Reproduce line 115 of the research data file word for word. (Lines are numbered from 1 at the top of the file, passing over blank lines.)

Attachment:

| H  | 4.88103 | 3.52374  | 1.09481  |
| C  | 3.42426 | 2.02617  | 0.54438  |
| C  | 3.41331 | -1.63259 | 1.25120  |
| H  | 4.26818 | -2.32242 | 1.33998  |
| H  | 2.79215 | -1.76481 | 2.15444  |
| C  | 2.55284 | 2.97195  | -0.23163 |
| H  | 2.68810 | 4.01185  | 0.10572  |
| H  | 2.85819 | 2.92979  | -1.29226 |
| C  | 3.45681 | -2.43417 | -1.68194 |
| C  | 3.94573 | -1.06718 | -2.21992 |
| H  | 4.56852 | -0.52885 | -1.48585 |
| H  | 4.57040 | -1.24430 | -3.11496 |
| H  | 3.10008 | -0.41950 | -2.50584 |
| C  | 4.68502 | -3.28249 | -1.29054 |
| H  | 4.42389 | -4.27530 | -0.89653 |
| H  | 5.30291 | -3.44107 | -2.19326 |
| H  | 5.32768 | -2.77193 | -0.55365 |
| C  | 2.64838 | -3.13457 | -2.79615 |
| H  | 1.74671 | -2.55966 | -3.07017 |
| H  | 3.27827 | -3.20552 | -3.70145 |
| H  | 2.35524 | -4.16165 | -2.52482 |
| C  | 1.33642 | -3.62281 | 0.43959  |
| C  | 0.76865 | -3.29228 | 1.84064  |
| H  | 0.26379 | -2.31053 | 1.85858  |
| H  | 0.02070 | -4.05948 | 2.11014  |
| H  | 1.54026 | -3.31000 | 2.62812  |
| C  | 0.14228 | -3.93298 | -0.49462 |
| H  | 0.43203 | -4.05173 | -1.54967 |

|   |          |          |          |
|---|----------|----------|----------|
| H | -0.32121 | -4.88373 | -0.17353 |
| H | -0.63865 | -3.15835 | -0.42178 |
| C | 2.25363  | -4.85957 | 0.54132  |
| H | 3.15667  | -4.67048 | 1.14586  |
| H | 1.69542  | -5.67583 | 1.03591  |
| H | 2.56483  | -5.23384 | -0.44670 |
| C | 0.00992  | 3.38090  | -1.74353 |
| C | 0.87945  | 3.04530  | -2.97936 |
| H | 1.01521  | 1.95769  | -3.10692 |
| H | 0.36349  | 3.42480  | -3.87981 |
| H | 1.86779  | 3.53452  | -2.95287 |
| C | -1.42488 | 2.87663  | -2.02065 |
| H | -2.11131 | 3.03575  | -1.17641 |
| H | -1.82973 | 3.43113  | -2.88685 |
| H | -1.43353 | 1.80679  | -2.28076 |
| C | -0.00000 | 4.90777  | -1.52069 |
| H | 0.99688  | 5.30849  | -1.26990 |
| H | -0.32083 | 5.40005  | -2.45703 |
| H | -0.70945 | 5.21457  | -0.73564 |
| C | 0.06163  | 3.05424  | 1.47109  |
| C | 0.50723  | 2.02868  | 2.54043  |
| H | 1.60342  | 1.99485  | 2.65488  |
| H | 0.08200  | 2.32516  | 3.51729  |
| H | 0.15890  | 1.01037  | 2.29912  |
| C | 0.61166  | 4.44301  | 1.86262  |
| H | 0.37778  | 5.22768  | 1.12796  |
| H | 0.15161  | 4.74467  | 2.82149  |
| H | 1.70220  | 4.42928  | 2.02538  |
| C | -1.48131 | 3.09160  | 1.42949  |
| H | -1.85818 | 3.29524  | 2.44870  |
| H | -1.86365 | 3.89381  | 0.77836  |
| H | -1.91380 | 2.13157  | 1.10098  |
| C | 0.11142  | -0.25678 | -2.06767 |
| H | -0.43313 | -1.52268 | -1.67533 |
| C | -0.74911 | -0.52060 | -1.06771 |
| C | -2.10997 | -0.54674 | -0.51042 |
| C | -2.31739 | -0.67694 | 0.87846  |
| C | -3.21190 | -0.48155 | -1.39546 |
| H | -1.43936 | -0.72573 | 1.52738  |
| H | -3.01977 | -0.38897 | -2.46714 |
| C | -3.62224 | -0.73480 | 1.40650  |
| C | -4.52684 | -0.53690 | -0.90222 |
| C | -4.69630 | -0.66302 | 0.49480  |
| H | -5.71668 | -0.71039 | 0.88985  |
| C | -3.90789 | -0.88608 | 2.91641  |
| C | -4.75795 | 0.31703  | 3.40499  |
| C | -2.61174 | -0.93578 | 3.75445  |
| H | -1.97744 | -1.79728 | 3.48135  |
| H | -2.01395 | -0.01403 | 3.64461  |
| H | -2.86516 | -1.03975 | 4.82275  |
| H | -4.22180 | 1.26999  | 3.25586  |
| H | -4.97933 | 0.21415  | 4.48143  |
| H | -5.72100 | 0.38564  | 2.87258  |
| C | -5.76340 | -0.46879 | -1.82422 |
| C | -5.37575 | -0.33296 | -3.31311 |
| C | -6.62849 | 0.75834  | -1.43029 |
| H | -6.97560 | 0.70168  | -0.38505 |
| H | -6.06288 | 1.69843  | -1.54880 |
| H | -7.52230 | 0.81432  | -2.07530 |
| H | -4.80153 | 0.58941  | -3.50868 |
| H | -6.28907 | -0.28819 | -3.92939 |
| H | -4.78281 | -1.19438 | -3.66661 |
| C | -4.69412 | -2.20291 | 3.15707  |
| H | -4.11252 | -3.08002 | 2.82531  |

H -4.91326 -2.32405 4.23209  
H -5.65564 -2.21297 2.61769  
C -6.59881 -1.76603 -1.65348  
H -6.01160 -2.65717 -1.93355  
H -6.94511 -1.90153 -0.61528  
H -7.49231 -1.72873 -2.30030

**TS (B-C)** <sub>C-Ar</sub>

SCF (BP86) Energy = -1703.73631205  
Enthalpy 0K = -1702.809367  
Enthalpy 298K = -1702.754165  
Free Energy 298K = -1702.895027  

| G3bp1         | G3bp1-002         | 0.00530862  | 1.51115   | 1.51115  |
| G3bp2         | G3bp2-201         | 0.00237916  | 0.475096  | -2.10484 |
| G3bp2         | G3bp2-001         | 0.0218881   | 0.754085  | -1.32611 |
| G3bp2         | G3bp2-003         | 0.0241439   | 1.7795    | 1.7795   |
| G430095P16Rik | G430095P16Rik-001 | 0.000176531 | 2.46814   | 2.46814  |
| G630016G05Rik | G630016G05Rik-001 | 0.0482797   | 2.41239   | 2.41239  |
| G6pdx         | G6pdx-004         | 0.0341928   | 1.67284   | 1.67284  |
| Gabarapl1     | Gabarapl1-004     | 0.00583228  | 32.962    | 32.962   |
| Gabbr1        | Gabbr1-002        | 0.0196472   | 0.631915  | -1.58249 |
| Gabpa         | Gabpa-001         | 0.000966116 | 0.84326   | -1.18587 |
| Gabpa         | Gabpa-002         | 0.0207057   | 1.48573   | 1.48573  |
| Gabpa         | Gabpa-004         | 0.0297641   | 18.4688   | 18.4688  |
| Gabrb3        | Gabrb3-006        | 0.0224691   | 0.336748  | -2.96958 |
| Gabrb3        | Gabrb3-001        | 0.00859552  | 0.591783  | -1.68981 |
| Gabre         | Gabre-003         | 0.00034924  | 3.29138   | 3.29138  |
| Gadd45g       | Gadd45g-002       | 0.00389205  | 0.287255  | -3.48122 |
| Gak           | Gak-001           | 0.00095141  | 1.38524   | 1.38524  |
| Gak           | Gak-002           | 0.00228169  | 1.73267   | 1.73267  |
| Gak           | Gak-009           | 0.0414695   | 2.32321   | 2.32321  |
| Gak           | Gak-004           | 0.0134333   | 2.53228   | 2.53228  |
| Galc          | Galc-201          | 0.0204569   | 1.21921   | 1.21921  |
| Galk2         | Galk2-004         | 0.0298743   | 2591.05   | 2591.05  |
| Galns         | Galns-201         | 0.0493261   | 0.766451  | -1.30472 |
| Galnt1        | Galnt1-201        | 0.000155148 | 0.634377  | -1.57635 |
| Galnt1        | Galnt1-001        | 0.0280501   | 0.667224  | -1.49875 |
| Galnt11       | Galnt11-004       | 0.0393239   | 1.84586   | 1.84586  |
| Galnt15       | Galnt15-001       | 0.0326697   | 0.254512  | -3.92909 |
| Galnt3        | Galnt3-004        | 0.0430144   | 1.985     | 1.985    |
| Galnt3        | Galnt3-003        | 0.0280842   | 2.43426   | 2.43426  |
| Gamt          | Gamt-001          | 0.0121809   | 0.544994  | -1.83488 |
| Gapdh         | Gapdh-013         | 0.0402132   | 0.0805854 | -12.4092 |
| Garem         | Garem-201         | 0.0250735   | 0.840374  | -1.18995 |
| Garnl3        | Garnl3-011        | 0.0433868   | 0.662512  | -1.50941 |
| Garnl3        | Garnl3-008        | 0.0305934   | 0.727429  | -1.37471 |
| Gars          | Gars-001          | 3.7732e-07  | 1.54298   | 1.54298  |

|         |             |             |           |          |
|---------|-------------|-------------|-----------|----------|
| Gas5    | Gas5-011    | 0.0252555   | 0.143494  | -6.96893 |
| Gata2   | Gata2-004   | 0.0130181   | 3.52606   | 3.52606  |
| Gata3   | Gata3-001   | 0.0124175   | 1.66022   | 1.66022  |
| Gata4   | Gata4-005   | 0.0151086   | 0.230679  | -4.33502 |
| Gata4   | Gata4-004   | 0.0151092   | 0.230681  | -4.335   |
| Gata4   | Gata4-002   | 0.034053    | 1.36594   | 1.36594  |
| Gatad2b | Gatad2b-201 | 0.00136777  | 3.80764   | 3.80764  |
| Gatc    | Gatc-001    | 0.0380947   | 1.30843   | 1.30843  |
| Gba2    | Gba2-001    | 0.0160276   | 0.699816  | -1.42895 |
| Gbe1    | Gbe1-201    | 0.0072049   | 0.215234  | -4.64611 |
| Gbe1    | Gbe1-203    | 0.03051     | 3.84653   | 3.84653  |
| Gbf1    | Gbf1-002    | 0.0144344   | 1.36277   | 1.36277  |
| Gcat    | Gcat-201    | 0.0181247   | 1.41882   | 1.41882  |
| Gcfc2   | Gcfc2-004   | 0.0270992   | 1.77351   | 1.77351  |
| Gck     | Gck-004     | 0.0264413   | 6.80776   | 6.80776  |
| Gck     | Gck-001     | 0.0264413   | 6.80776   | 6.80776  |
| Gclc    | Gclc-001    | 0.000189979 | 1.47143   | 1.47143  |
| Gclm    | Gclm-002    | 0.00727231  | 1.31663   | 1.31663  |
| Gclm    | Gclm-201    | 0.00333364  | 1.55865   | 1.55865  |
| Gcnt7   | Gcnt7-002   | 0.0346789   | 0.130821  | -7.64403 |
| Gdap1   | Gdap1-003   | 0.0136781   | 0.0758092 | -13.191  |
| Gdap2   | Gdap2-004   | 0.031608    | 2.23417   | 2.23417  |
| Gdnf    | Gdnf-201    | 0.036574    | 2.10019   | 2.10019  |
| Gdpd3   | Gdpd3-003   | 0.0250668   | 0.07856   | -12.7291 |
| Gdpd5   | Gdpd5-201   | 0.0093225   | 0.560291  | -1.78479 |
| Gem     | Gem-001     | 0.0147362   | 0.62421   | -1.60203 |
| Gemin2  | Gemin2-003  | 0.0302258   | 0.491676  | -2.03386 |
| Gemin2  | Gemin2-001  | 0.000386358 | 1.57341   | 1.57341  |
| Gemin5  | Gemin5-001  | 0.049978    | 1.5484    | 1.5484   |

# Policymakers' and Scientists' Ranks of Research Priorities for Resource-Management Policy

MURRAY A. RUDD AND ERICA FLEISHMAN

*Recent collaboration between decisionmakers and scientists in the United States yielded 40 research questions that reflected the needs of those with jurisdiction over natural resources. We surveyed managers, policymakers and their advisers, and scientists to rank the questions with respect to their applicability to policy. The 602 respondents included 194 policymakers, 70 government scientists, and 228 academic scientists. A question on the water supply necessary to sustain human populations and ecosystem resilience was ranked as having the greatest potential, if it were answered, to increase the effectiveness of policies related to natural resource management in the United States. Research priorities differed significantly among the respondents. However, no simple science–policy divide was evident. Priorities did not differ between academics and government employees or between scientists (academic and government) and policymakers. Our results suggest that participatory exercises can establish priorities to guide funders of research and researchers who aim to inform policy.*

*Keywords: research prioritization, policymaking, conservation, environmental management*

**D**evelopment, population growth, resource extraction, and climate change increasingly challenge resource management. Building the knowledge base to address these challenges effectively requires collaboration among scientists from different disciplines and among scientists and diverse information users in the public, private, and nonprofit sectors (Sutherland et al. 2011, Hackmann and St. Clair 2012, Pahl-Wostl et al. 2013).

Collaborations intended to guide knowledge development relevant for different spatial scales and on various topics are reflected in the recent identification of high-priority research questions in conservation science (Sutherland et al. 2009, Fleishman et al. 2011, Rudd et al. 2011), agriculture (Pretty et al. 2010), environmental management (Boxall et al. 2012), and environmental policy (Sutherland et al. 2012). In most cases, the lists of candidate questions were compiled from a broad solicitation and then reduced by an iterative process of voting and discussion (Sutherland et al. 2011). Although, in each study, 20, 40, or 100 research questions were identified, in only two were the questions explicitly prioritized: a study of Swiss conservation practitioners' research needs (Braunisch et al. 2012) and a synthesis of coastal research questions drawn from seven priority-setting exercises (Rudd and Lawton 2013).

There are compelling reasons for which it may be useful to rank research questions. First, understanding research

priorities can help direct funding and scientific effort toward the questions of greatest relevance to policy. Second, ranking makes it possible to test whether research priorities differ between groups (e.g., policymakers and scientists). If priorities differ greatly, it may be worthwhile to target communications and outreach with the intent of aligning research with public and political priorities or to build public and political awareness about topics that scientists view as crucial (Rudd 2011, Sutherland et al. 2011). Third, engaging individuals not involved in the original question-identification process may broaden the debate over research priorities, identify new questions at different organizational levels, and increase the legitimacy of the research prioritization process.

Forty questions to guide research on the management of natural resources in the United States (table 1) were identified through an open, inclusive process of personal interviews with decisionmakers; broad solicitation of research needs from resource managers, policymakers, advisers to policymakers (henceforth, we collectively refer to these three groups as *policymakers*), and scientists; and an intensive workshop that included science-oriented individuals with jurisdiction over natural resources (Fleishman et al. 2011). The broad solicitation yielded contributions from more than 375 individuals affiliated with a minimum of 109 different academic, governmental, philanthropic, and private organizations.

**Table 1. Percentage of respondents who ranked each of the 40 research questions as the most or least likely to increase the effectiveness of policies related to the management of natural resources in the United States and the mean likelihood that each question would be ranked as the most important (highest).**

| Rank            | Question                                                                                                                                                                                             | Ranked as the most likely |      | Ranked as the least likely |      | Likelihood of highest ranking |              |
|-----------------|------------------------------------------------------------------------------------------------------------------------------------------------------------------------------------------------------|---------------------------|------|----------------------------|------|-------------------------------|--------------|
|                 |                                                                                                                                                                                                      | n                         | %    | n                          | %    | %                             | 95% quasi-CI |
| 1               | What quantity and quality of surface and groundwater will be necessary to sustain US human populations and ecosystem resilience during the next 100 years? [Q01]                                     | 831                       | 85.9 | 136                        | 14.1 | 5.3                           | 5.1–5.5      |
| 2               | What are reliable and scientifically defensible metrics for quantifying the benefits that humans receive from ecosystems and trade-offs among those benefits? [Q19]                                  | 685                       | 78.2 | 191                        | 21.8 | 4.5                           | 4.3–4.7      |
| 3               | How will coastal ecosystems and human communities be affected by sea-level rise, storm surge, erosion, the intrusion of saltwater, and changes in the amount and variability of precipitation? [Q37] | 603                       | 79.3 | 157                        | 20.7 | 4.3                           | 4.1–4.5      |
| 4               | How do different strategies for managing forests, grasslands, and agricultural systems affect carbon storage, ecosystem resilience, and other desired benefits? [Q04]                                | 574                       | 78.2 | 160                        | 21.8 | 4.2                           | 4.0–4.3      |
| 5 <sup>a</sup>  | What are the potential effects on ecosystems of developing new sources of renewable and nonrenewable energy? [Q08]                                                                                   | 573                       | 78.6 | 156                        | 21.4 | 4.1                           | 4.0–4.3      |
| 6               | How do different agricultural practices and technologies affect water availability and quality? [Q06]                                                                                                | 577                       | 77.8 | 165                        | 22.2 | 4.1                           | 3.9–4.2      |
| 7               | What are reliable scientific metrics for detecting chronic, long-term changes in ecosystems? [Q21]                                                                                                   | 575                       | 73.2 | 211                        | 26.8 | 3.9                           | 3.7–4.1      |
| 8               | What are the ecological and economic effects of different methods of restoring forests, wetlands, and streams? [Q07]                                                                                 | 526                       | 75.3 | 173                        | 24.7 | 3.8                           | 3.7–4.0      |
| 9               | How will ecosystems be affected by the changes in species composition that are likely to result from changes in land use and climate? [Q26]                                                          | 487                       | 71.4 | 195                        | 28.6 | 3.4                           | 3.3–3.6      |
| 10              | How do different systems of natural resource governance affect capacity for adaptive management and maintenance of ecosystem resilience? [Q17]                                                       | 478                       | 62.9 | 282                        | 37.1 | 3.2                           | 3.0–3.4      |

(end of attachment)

| Gabpa         | Gabpa-001         | 0.000966116 | 0.84326   | -1.18587 |